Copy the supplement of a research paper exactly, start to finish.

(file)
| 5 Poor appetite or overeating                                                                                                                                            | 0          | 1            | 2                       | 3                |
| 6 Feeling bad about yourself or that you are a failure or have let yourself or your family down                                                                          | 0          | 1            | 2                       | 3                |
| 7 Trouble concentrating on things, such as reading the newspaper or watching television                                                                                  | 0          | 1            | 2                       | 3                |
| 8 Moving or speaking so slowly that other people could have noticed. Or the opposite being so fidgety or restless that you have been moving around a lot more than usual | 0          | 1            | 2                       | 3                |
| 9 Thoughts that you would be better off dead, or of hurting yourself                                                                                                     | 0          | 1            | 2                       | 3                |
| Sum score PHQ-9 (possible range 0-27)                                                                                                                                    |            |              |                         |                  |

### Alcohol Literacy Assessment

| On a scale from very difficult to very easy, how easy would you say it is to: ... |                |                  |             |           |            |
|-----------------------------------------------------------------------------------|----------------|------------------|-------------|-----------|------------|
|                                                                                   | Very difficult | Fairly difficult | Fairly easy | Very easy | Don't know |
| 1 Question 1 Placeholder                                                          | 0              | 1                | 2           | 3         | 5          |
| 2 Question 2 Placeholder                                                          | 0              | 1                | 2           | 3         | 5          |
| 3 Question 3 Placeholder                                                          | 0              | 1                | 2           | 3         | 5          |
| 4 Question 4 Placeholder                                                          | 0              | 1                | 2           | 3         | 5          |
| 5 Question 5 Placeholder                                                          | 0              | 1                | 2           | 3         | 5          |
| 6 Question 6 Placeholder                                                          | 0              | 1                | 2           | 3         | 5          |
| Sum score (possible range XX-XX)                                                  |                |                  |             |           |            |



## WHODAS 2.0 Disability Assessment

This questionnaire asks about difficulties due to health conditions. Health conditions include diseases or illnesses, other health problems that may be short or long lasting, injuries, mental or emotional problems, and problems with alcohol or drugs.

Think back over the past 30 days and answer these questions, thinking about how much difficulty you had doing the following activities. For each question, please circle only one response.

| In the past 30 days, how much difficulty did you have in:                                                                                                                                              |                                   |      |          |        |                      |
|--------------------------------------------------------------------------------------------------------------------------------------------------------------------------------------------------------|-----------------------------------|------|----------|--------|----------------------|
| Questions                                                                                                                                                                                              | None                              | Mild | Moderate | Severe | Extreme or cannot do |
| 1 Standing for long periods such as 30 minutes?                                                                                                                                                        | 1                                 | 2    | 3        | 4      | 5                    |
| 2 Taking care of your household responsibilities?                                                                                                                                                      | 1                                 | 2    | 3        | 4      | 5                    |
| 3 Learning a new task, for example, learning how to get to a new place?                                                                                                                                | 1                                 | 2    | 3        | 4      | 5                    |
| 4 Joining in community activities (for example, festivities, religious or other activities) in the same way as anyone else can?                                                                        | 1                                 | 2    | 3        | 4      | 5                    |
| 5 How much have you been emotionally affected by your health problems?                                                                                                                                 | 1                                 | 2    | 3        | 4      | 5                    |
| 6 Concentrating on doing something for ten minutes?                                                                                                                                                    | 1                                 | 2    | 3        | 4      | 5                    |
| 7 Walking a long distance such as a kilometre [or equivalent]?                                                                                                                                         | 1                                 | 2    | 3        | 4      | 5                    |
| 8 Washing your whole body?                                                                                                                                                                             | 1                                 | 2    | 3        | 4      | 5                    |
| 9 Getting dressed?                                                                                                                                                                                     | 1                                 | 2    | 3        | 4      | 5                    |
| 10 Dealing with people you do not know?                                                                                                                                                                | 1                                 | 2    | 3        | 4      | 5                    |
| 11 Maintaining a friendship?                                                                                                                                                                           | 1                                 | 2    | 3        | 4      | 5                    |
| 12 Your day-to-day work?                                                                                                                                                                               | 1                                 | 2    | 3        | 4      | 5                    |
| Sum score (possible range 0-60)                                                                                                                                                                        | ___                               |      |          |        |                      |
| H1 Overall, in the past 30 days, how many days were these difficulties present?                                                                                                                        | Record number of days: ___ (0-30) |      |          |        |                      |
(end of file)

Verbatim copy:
| 5 Poor appetite or overeating                                                                                                                                            | 0          | 1            | 2                       | 3                |
| 6 Feeling bad about yourself or that you are a failure or have let yourself or your family down                                                                          | 0          | 1            | 2                       | 3                |
| 7 Trouble concentrating on things, such as reading the newspaper or watching television                                                                                  | 0          | 1            | 2                       | 3                |
| 8 Moving or speaking so slowly that other people could have noticed. Or the opposite being so fidgety or restless that you have been moving around a lot more than usual | 0          | 1            | 2                       | 3                |
| 9 Thoughts that you would be better off dead, or of hurting yourself                                                                                                     | 0          | 1            | 2                       | 3                |
| Sum score PHQ-9 (possible range 0-27)                                                                                                                                    |            |              |                         |                  |

### Alcohol Literacy Assessment

| On a scale from very difficult to very easy, how easy would you say it is to: ... |                |                  |             |           |            |
|-----------------------------------------------------------------------------------|----------------|------------------|-------------|-----------|------------|
|                                                                                   | Very difficult | Fairly difficult | Fairly easy | Very easy | Don't know |
| 1 Question 1 Placeholder                                                          | 0              | 1                | 2           | 3         | 5          |
| 2 Question 2 Placeholder                                                          | 0              | 1                | 2           | 3         | 5          |
| 3 Question 3 Placeholder                                                          | 0              | 1                | 2           | 3         | 5          |
| 4 Question 4 Placeholder                                                          | 0              | 1                | 2           | 3         | 5          |
| 5 Question 5 Placeholder                                                          | 0              | 1                | 2           | 3         | 5          |
| 6 Question 6 Placeholder                                                          | 0              | 1                | 2           | 3         | 5          |
| Sum score (possible range XX-XX)                                                  |                |                  |             |           |            |



## WHODAS 2.0 Disability Assessment

This questionnaire asks about difficulties due to health conditions. Health conditions include diseases or illnesses, other health problems that may be short or long lasting, injuries, mental or emotional problems, and problems with alcohol or drugs.

Think back over the past 30 days and answer these questions, thinking about how much difficulty you had doing the following activities. For each question, please circle only one response.

| In the past 30 days, how much difficulty did you have in:                                                                                                                                              |                                   |      |          |        |                      |
|--------------------------------------------------------------------------------------------------------------------------------------------------------------------------------------------------------|-----------------------------------|------|----------|--------|----------------------|
| Questions                                                                                                                                                                                              | None                              | Mild | Moderate | Severe | Extreme or cannot do |
| 1 Standing for long periods such as 30 minutes?                                                                                                                                                        | 1                                 | 2    | 3        | 4      | 5                    |
| 2 Taking care of your household responsibilities?                                                                                                                                                      | 1                                 | 2    | 3        | 4      | 5                    |
| 3 Learning a new task, for example, learning how to get to a new place?                                                                                                                                | 1                                 | 2    | 3        | 4      | 5                    |
| 4 Joining in community activities (for example, festivities, religious or other activities) in the same way as anyone else can?                                                                        | 1                                 | 2    | 3        | 4      | 5                    |
| 5 How much have you been emotionally affected by your health problems?                                                                                                                                 | 1                                 | 2    | 3        | 4      | 5                    |
| 6 Concentrating on doing something for ten minutes?                                                                                                                                                    | 1                                 | 2    | 3        | 4      | 5                    |
| 7 Walking a long distance such as a kilometre [or equivalent]?                                                                                                                                         | 1                                 | 2    | 3        | 4      | 5                    |
| 8 Washing your whole body?                                                                                                                                                                             | 1                                 | 2    | 3        | 4      | 5                    |
| 9 Getting dressed?                                                                                                                                                                                     | 1                                 | 2    | 3        | 4      | 5                    |
| 10 Dealing with people you do not know?                                                                                                                                                                | 1                                 | 2    | 3        | 4      | 5                    |
| 11 Maintaining a friendship?                                                                                                                                                                           | 1                                 | 2    | 3        | 4      | 5                    |
| 12 Your day-to-day work?                                                                                                                                                                               | 1                                 | 2    | 3        | 4      | 5                    |
| Sum score (possible range 0-60)                                                                                                                                                                        | ___                               |      |          |        |                      |
| H1 Overall, in the past 30 days, how many days were these difficulties present?                                                                                                                        | Record number of days: ___ (0-30) |      |          |        |                      |